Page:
(let us know if you use flash, settings need to be different)
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PostPosted: Sun Dec 31, 2017 1:10 pm    Post subject: Reply with quote

What is it, a fossilised seed? Rodent coprolite??!
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jeaton



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PostPosted: Sun Dec 31, 2017 1:12 pm    Post subject: Reply with quote

This is an upper molar of a rodent. The eyepiece i sWF10X made by "TECH INST CO." I've been using fiber optics illumination - I'll work on diffusing the light.
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jeaton



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PostPosted: Wed Jan 03, 2018 1:55 pm    Post subject: Reply with quote

Okay - I surrounded the specimen in a cylinder of vellum and at f5.6 took 41 layers. This is the results:

Suggestions?

With a 4X objective I won't be able to take pictures of specimens much larger than this one. Is there something odd about this microscope that I am limited to 2 mm with a 4X objective? I bought this through Ebay and could still returned it and look for something else?
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PostPosted: Wed Jan 03, 2018 3:11 pm    Post subject: Reply with quote

That looks better?
Do you see about the same field of view though your camera that you do eyeballing through the eyepiece?
The microscope looks ok (to me) and it does benefit from some 30mm of fine-focus travel, good for stacking.

I took some a pictures of a vole's dentine, to identify it from an owl's pellet. It was, I noted at the time, remarkably lacking in fine detail. I imagine they get rougher over the millenia, but I have some sharks' teeth which are old, but are hard and shiny, like recently living teeth!
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jeaton



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PostPosted: Wed Jan 03, 2018 3:35 pm    Post subject: Reply with quote

This specimen is particularly hard to photograph because much of the dental enamel has been removed during sedimentary transport - so much of what I'm photographing for that specimen is dentine. I do have other nicely enameled specimens.

I do love the fine focus travel. I don't get the full field of view through the camera and with the 18-55 mm lens the front of the lens is almost in contact with the eyepiece. I think another lens might give me both a better image and a better view of what comes through the eyepiece - I just have no idea what would be a more appropriate lens.
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PostPosted: Wed Jan 03, 2018 5:46 pm    Post subject: Reply with quote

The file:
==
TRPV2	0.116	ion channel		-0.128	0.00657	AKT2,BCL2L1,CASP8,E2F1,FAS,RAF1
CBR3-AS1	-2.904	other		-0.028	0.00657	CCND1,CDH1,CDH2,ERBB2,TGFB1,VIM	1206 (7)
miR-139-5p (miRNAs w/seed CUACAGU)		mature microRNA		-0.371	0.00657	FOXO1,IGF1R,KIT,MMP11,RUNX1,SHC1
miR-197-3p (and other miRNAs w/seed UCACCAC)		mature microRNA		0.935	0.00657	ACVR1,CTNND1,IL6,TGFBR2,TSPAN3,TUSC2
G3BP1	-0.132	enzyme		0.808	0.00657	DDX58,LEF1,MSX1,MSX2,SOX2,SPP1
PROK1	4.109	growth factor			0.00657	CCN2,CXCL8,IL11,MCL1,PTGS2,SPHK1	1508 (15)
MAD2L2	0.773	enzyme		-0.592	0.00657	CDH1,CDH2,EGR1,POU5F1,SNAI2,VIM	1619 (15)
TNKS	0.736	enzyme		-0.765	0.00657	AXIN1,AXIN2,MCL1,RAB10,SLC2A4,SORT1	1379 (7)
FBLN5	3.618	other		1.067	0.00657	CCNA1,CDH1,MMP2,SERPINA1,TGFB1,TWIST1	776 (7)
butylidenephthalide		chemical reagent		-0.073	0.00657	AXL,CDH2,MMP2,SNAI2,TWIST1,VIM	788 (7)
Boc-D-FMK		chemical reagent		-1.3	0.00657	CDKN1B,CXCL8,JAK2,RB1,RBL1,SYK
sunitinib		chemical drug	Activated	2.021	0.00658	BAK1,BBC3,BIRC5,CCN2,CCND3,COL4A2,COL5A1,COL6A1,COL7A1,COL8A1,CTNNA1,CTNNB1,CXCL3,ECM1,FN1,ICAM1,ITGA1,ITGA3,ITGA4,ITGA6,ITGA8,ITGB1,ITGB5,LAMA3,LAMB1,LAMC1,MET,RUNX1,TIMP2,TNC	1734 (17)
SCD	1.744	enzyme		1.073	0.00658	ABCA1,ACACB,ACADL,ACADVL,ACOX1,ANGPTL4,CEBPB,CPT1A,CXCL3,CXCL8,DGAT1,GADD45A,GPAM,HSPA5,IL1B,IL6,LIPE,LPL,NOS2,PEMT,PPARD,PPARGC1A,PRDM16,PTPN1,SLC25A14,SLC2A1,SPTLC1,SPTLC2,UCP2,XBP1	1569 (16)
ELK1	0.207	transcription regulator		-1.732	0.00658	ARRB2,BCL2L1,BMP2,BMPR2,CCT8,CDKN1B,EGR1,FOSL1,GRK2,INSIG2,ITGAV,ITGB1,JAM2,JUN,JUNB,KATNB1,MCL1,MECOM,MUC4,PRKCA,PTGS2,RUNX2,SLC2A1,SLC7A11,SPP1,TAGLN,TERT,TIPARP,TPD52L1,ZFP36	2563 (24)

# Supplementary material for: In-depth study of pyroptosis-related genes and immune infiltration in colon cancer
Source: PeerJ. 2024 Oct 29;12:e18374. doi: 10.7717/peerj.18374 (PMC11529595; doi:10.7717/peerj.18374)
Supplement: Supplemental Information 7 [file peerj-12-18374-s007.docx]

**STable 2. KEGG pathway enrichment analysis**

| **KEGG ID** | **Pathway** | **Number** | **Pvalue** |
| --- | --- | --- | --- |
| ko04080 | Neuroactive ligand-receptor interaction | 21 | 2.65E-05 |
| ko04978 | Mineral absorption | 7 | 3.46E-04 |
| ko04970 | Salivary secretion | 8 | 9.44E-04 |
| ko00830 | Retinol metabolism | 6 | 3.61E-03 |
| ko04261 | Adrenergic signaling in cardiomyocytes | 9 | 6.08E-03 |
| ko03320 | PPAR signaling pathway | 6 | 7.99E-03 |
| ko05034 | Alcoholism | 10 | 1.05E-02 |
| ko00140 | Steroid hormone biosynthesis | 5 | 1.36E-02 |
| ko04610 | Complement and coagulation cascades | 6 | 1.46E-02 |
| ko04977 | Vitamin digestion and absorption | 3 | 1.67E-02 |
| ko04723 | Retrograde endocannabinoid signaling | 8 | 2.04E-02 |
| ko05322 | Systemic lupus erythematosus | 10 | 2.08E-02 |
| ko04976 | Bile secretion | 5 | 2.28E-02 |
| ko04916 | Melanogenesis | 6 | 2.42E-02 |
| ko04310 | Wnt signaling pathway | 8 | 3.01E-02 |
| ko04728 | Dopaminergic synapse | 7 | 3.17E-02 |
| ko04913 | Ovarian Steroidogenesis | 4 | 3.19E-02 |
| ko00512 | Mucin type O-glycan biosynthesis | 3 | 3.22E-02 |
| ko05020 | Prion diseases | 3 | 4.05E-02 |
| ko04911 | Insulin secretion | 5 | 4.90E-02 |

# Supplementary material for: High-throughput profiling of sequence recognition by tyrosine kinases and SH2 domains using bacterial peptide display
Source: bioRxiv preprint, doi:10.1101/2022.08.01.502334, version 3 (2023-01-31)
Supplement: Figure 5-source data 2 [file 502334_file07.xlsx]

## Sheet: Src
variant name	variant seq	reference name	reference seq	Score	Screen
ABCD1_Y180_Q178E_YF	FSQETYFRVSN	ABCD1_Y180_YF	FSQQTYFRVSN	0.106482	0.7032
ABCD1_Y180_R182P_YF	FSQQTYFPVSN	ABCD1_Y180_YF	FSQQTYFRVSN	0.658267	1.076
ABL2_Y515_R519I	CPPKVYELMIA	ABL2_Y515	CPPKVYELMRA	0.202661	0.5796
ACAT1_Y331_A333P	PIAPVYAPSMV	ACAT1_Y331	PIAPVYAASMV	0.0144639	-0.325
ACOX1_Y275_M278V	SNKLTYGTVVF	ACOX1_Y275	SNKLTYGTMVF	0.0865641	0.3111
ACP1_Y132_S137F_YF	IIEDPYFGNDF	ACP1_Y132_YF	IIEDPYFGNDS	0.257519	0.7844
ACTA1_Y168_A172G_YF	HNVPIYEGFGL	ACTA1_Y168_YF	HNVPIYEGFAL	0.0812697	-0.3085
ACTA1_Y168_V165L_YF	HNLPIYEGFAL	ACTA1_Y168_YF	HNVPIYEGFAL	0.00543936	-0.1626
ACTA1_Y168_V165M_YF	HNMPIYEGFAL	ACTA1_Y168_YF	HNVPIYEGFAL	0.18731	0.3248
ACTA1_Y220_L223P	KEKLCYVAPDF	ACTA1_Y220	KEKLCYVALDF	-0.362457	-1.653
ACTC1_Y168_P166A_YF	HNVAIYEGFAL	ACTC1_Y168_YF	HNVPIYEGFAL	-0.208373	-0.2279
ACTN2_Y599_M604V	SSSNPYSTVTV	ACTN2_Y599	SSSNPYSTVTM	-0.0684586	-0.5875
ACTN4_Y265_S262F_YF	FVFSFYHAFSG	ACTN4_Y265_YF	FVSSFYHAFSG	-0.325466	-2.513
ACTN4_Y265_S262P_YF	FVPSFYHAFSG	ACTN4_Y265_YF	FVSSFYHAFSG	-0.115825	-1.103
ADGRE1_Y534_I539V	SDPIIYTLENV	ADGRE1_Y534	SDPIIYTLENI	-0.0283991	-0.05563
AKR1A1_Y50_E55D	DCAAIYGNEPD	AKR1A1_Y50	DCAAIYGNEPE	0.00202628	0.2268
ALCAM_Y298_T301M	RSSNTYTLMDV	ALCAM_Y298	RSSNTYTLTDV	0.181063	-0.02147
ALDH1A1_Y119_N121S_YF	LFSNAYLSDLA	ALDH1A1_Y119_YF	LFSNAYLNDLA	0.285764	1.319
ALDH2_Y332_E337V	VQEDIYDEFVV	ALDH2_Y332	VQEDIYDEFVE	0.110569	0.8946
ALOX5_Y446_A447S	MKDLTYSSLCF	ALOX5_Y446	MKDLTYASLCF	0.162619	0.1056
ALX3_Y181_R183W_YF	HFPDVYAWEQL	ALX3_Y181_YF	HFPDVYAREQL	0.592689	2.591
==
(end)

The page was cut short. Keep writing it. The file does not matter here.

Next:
I'm not sure whether your camera has ideally to be able to focus with its lens fitted, to infinity, so I won't recommend any lens. I've seen 50mm f/1.8s, and "Pancake" 40 and 45mm lenses, used.
Hopefully someone who knows for sure will chime in. Nikon would be expensive, anything else might be very cheap but would need a (cheap) adapter.

Can someone else help please??!!

In the meantime try this:
Remove the microscope head at the swivelling dovetail, and take the lens off the camera.
Find some cardboard tube so you can position the camera such that the sensor would be 150mm/6" from the rear flange of the objective. (not critical). That's "direct projection", and you should get an idea of what the objective actually covers.
If you exclude light and make it rigid enough (tripod?), then you could have a go. I did, to begin with, and it worked. Flash strongly advised because of wobbles. If you move just a little laterally, between frames, it doesn't matter much because the stacking software will align them for you. Proper adapters are described above.

One caveat, if you put your eye to the camera end of the cardboard tube and look in, you don't want to be seeing any reflections of anything, or a shiny ring on the back of the objective. A rolled up tube of black paper slid in, will almost certainly sort it, maybe with a little black sticky tape..
This method goives good results.
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zzffnn



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PostPosted: Wed Jan 03, 2018 9:03 pm    Post subject: Reply with quote

Jeff,

A high eye point eyepiece should project image higher for your camera lens to pick up. And ideally, your camera lens should focus to infinity when doing afocal. But I am not sure the above will significantly improve your image quality (it may or may not, as it really depends on combination of optics).

And I don't understand what you meant by:
"With a 4X objective I won't be able to take pictures of specimens much larger than this one. Is there something odd about this microscope that I am limited to 2 mm with a 4X objective?"

Sorry, I hesitate to comment as I cannot get a clear idea about the issues, if there is still any........

Does your 4x objective provide enough working distance for proper lighting? If not, you may want to get a better 4x objective. Such as that famous $17 AmScope objective:

https://www.closeuphotography.com/4x-lens-test/part-one-4x-for-less-than-100-dollars

Another possibility is that your light diffusion or quality/intensity is still not good enough for your highly reflective subject. What camera iso did you shoot at? You want lower than iso 1600, if you cannot get to iso 200-400. I see improvement in your lasted image and am guessing it is probably good enough for scientific publication, though I haven't seen your fossil in person. Is it good enough for your eyes, is the stacked image quite close to eyepiece view, in terms of image quality?